At present, genuine P2P platforms connect lenders (cash-rich investors looking for attractive returns) with borrowers of poor credit score or out of conventional financial outreach. In future, India Stack is going to help private players to enable disruption. India Stack is a set of APIs (Application Programming Interface), which allows the government and private companies to deploy cashless and paperless technology products, independent of their owners to transform India into a cashless economy.
This would enable even the street vendor who does not have a bank account to make all his transactions digital and use this information to grow business. Through the Open Network for Digital Commerce, the government is seeking to replicate the success of the Open Network for
E-commerce, hoping to put in place a backbone on which sellers and logistics service providers can connect with the buyers, no matter what platform they use through open APIs.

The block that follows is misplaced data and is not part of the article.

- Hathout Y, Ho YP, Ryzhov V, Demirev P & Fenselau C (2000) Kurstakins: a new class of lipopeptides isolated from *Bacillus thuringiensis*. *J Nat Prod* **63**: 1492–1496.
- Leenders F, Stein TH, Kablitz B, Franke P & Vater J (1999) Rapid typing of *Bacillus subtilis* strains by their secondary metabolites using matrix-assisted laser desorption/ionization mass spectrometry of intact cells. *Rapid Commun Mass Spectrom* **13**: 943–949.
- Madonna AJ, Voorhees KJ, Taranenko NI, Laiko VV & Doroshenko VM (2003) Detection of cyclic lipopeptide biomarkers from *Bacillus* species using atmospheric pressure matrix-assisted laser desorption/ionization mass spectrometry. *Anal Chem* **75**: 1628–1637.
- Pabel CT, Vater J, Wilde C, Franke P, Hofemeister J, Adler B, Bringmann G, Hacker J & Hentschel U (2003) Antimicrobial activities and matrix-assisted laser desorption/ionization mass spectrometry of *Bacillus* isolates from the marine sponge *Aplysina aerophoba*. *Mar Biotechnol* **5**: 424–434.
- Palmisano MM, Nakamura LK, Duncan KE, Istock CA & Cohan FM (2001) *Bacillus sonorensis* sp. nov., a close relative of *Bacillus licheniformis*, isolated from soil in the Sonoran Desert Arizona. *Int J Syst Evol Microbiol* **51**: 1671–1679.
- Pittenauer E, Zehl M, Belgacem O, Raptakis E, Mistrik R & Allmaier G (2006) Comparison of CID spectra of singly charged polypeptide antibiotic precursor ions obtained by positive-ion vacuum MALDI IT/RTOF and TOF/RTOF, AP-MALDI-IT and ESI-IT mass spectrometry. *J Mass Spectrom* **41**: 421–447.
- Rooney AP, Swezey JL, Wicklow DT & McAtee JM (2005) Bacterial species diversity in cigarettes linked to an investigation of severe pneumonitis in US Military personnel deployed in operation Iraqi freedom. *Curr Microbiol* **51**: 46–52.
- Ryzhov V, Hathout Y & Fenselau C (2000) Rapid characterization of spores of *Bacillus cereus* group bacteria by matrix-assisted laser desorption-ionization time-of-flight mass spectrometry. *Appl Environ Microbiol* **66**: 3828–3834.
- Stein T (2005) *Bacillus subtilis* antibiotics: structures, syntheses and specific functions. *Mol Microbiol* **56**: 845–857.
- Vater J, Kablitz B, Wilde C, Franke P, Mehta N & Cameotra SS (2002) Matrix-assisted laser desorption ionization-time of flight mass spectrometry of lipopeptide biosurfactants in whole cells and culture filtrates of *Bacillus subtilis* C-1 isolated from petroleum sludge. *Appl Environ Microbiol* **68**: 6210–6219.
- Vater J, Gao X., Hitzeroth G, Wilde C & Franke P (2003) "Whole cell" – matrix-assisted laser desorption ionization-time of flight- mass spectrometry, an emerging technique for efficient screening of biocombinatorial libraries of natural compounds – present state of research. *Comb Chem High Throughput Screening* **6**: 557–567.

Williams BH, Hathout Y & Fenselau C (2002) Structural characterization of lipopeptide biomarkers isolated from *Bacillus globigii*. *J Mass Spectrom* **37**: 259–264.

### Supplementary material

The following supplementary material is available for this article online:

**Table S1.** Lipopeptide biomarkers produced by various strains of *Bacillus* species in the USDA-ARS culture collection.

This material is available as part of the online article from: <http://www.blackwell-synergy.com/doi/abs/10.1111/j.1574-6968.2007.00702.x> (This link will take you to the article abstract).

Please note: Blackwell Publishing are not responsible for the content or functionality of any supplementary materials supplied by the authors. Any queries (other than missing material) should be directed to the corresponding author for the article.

A large part of digital retail payments in India is processed by the National Payment Corporation of India (NPCI), incorporated as non-profit in which various national banks are shareholders. The UPI, Immediate Payment Service (IMPS), Bharat Bill Pay, Aadhaar Enabled Payment Service (AEPS) and RuPay are some retail payment platforms operated by the NPCI.
The RBI had invited expressions of interest last year under a plan to allow new entities to create new digital payment platforms other than NPCI, called New Umbrella Entities (NUEs). These were to be for-profit platforms (charging fees for transactions, say utility bill etc), presumably to cut concentration risks and also for more options in the market. Six consortiums, including Amazon, Facebook and the Tata group, applied in partnership with Reliance, ICICI etc.
But the RBI has put this plan on hold, realising the risks involved in allowing the private sector manage payment platforms till the Data Protection Law is in place, learning its lessons from Master Bank’s non-compliance of data localisation and data breaches in MobiKwik etc.